Responding to today’s announcement, the Association of Colleges argued disadvantaged students will be “disproportionately affected” by the changes.
That is because the qualifications likely to be withdrawn are taken by higher proportions of black and minority ethnic students, those with lower prior attainment, SEND students, and those eligible for free school meals.
Ofqual, in its response to the review in January, made many of the same points, and that some learners, including those with SEND, “may find T Levels less well-suited, too big or not sufficiently flexible for their individual study needs”.
Eleven education representative bodies issued a joint statement last month saying defunding applied general qualifications will hamper students’ progress to employment or further study.
Bill Watkin, chief executive of the Sixth Form Colleges Association, said today that closing down the route of BTECs means that “thousands of students will be left without a viable pathway after they have finished their GCSEs – that’s bad for young people, bad for social mobility and bad for the economy”.
AoC chief executive David Hughes has urged the DfE to “take a moment” and create a new roll-out plan which ensures T Levels’ success “while not inadvertently disadvantaging thousands of already disadvantaged students with their quest for speed”.
Federation of Awarding Bodies chief executive Tom Bewick called it “disappointing” the government was supporting some regulated qualifications “instead of supporting course diversity and real careers choices for young people post-16”.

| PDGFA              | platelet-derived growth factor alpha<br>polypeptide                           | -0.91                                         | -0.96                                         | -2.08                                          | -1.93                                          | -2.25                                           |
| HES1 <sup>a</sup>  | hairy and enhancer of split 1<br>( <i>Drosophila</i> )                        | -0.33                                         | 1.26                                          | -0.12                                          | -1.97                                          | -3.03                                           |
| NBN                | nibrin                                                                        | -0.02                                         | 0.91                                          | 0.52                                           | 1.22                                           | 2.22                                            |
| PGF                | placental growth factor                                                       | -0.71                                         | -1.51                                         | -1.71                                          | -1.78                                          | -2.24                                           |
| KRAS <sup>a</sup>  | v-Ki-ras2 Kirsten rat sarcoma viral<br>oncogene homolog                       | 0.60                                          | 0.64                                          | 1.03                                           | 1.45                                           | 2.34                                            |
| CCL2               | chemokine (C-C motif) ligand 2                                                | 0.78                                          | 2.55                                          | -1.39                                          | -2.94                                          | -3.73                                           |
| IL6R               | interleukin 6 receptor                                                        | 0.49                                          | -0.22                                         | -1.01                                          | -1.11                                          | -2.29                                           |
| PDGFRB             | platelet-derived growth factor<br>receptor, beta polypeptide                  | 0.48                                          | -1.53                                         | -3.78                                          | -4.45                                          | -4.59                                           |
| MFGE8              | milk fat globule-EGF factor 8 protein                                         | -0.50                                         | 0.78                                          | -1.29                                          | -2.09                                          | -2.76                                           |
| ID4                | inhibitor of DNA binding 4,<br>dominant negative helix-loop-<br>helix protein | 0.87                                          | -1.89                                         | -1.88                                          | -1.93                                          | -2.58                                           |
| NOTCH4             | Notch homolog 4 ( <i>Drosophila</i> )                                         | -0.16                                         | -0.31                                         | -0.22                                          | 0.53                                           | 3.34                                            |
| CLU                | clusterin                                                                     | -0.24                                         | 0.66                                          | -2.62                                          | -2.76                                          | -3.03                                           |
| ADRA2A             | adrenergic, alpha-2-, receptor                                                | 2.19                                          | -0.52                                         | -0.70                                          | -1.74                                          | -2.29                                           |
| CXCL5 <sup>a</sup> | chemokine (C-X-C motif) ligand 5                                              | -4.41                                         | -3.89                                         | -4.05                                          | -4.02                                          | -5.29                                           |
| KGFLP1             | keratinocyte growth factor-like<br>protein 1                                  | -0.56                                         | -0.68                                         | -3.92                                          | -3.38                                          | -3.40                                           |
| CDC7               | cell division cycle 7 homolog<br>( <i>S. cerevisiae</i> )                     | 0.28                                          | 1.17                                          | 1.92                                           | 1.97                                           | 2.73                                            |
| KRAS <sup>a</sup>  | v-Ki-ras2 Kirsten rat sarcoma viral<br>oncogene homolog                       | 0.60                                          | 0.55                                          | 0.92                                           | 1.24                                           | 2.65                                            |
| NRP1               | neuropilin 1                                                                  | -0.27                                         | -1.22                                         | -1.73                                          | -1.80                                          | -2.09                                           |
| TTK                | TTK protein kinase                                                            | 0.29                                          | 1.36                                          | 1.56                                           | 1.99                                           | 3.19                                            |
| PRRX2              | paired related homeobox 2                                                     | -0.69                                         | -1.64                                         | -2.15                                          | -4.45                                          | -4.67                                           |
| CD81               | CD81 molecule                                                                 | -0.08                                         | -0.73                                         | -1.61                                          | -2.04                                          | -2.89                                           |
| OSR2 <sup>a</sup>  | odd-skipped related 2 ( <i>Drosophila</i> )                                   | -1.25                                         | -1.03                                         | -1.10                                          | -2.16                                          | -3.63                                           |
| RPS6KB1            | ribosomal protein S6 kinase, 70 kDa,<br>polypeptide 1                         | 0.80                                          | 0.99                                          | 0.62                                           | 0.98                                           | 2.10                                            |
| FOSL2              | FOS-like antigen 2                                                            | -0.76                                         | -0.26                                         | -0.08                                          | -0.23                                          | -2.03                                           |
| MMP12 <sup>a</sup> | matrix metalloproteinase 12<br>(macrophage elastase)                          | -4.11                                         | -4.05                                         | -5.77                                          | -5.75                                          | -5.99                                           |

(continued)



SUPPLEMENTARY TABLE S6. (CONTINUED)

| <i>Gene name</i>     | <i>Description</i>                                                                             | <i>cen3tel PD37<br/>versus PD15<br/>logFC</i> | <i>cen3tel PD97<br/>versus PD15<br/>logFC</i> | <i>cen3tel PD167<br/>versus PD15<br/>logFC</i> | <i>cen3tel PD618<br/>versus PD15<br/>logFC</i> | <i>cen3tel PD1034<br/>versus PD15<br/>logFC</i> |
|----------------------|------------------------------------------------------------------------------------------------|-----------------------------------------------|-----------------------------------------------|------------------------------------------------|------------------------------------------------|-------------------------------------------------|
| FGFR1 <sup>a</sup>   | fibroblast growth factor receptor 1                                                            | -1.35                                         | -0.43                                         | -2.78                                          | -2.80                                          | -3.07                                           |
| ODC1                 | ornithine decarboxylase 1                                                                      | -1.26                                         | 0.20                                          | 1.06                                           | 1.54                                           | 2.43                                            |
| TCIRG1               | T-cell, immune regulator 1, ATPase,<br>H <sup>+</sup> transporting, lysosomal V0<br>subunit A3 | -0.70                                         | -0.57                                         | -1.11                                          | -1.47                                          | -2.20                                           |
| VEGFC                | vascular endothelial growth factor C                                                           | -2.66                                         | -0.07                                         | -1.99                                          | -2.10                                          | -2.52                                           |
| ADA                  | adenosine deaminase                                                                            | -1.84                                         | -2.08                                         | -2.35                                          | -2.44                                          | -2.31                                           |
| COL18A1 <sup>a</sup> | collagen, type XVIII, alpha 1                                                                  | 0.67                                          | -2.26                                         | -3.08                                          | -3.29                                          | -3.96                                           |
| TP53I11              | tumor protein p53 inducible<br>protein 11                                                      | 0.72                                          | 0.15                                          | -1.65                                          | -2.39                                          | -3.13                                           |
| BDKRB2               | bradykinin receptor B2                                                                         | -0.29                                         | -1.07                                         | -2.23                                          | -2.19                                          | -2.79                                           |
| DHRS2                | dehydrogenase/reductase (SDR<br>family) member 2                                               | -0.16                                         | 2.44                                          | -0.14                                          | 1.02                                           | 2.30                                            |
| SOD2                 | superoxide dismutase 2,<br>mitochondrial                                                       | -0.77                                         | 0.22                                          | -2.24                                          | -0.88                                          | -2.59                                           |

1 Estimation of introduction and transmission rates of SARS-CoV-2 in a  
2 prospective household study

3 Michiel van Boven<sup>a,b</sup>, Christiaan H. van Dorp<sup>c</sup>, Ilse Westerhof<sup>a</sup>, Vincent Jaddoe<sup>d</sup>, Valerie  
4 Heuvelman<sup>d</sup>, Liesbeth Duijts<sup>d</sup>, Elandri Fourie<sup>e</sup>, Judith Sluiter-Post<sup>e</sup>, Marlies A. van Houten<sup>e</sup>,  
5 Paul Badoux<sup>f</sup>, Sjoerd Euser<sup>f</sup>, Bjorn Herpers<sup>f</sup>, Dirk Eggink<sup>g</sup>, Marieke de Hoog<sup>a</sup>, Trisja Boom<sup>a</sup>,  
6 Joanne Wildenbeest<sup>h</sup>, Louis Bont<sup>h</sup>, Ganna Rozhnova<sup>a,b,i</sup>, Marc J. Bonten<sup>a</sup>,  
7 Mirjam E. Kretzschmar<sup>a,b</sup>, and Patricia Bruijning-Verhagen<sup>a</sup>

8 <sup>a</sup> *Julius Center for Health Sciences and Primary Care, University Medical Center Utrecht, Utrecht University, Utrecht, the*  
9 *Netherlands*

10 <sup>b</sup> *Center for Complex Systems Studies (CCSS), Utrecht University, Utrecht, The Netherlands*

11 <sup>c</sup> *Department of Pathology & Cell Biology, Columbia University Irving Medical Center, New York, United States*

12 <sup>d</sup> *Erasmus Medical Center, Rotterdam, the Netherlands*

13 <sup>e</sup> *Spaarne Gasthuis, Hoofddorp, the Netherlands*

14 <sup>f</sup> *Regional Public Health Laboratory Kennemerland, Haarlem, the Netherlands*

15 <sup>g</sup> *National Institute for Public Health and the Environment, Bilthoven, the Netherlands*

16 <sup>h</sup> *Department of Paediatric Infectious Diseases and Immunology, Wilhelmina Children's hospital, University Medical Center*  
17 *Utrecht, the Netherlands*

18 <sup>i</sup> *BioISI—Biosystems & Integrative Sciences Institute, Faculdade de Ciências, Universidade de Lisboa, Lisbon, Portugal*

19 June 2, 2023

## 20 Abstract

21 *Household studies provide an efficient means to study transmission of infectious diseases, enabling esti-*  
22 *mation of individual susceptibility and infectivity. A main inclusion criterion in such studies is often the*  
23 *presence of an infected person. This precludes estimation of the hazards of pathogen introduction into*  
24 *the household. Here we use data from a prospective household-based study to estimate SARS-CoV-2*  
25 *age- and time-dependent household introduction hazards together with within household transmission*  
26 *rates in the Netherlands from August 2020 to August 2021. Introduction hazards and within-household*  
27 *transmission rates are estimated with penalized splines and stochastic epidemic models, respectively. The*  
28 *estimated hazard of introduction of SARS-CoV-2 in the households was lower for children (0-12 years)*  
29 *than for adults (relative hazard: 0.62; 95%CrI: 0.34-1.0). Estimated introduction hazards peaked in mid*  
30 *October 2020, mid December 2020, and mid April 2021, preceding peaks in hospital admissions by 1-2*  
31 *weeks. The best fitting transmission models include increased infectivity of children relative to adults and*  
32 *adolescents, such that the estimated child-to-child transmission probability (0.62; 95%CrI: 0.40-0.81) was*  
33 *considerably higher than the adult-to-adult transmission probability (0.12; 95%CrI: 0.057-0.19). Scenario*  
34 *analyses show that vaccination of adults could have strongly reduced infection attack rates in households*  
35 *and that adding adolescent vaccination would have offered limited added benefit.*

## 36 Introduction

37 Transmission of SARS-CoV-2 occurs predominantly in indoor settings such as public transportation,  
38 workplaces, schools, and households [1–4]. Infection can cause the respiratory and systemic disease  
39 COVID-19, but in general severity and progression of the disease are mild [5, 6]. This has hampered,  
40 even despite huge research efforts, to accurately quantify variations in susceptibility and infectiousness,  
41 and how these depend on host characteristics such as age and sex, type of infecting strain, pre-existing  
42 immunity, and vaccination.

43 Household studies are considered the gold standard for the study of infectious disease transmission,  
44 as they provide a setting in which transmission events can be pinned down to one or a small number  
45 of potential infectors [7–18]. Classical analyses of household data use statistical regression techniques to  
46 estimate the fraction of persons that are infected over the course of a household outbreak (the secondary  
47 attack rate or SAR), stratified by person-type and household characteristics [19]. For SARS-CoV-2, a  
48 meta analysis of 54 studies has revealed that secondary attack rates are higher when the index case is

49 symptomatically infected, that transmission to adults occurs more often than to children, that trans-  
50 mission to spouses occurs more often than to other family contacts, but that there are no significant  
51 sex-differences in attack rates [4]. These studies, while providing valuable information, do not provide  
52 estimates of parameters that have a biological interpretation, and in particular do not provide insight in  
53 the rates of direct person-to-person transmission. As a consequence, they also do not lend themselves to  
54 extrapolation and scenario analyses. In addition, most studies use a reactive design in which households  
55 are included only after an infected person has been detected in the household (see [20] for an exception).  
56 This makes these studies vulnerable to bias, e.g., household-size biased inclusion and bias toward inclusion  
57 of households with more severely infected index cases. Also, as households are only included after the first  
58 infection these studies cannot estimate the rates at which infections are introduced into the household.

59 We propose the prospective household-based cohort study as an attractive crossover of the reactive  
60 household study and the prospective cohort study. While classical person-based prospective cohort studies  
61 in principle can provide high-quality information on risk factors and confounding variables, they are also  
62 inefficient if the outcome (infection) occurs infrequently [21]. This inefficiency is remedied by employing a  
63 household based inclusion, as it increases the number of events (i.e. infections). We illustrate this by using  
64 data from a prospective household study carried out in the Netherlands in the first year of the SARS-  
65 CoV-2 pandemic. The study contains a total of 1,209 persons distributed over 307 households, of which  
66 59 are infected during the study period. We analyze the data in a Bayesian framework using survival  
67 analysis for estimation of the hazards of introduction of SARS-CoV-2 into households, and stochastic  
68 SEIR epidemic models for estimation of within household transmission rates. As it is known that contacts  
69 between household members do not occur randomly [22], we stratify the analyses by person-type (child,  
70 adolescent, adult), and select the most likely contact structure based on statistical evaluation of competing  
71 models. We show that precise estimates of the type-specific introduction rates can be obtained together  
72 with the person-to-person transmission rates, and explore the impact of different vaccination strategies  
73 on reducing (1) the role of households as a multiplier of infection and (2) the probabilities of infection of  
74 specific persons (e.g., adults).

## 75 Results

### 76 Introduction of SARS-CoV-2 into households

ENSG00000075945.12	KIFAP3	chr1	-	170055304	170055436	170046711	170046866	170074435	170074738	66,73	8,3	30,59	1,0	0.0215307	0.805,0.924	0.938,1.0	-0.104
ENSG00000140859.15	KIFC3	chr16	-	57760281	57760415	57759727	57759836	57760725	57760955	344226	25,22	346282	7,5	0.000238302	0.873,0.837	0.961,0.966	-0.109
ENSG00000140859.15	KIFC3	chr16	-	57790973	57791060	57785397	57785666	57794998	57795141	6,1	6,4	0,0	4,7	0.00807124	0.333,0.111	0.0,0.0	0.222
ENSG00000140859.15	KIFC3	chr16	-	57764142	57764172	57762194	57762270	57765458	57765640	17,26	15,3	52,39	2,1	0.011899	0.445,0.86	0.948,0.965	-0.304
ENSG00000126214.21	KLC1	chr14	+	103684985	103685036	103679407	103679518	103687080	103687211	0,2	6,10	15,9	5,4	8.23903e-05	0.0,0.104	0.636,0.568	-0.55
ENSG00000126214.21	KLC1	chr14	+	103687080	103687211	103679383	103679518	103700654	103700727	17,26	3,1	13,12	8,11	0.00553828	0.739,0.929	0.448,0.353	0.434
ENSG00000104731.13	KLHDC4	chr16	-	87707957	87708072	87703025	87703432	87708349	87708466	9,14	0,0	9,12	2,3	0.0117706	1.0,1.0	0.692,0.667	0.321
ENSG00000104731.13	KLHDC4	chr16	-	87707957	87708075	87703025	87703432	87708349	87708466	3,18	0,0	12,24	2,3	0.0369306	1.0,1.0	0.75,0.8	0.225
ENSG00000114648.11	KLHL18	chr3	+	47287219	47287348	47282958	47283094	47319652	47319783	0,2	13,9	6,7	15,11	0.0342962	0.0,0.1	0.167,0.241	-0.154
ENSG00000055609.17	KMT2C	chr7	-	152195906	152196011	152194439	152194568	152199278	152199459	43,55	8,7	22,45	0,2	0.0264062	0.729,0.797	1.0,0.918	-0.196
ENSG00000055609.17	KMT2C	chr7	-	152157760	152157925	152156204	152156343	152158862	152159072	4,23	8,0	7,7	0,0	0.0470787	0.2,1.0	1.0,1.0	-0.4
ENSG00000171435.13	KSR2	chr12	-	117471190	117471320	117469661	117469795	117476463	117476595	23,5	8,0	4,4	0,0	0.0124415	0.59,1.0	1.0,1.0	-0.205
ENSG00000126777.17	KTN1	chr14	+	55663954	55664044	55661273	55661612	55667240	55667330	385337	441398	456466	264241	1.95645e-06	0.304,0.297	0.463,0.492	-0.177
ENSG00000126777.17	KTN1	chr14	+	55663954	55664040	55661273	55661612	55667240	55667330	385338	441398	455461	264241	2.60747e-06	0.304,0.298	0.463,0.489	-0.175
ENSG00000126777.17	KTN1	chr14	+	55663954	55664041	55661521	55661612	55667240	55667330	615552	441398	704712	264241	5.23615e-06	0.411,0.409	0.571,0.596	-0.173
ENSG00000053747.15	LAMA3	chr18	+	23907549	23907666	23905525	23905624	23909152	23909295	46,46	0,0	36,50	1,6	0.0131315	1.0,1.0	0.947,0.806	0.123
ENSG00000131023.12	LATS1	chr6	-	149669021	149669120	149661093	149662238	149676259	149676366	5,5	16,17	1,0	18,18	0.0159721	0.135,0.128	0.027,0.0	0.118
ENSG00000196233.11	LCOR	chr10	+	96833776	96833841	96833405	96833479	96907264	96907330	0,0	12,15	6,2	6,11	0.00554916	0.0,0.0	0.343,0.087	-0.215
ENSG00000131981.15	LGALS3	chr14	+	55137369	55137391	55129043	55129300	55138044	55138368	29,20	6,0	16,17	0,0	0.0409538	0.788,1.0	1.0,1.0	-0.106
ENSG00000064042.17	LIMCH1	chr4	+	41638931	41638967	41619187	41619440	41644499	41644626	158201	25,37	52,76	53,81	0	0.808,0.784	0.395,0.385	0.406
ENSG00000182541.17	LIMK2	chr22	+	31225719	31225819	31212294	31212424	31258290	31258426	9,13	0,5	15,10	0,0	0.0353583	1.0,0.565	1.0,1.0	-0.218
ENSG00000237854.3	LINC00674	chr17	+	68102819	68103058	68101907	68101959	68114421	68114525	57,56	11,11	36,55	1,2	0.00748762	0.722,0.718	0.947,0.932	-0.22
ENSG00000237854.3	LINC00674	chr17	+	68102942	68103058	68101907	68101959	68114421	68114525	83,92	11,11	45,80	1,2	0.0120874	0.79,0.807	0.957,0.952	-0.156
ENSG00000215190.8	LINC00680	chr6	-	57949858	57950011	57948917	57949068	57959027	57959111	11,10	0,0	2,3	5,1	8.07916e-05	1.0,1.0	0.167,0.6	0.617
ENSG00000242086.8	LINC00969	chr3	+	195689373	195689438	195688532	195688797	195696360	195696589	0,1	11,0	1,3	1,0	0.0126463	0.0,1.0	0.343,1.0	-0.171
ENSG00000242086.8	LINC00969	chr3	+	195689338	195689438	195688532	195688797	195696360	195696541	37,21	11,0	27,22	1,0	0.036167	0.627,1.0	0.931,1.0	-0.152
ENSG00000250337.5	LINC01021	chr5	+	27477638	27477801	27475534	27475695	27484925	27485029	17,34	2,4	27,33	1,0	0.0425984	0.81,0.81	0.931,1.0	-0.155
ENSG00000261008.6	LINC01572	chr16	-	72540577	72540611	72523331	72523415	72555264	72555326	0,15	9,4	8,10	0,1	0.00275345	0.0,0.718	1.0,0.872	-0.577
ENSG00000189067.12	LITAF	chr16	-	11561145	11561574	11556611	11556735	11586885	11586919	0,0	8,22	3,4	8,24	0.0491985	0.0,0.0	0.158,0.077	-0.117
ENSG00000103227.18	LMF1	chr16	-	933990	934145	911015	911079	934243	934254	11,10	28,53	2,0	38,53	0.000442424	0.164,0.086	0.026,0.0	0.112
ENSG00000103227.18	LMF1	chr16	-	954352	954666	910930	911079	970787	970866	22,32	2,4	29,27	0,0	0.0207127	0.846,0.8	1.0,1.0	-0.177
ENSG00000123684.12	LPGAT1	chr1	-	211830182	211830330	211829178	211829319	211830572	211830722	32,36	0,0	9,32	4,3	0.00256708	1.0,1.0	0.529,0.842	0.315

“The notion in a British economy, with over 75,000 different job roles currently available, that the number of qualifications made available can be reduced to a mere handful is fanciful. If policymakers listened to parents, learners and college community leaders, as much as to employers, they would know that.
“Frankly, learners deserve better.”
Current set of qualifications ‘confusing’
Yet some employers are impatient for the proposed changes to be rolled out.
Rolls-Royce Civil Aerospace Division’s chief of industrialisation Ruth Ginever today said: “The current proliferation of different qualifications and lack of standardised content is confusing to both employers, seeking to recruit and to young people, and their parents, looking to make decisions on qualifications to study.”
She called the lack of standardisation “disruptive,” and said it led to extra costs bringing an apprentice into the business, as “often funding for extra academic support for learners has to be found to cover gaps emanating from non-standard level 3 qualifications”.
Cindy Rampersaud, senior vice president for BTEC and apprenticeships at Pearson, said: “While we welcome the government’s aim to raise standards in further education, we have always warned that policy makers should not lose sight of what is working well already – namely existing high-quality qualifications that are respected by employers, universities and students alike, be they BTECs or other vocational qualifications.
“It is good to see that some of this feedback, from us and a wealth of other respondents to the consultation, has been taken into consideration. We will take the time now to review the government’s response to the consultation in full and understand the implications for BTEC students and colleges.”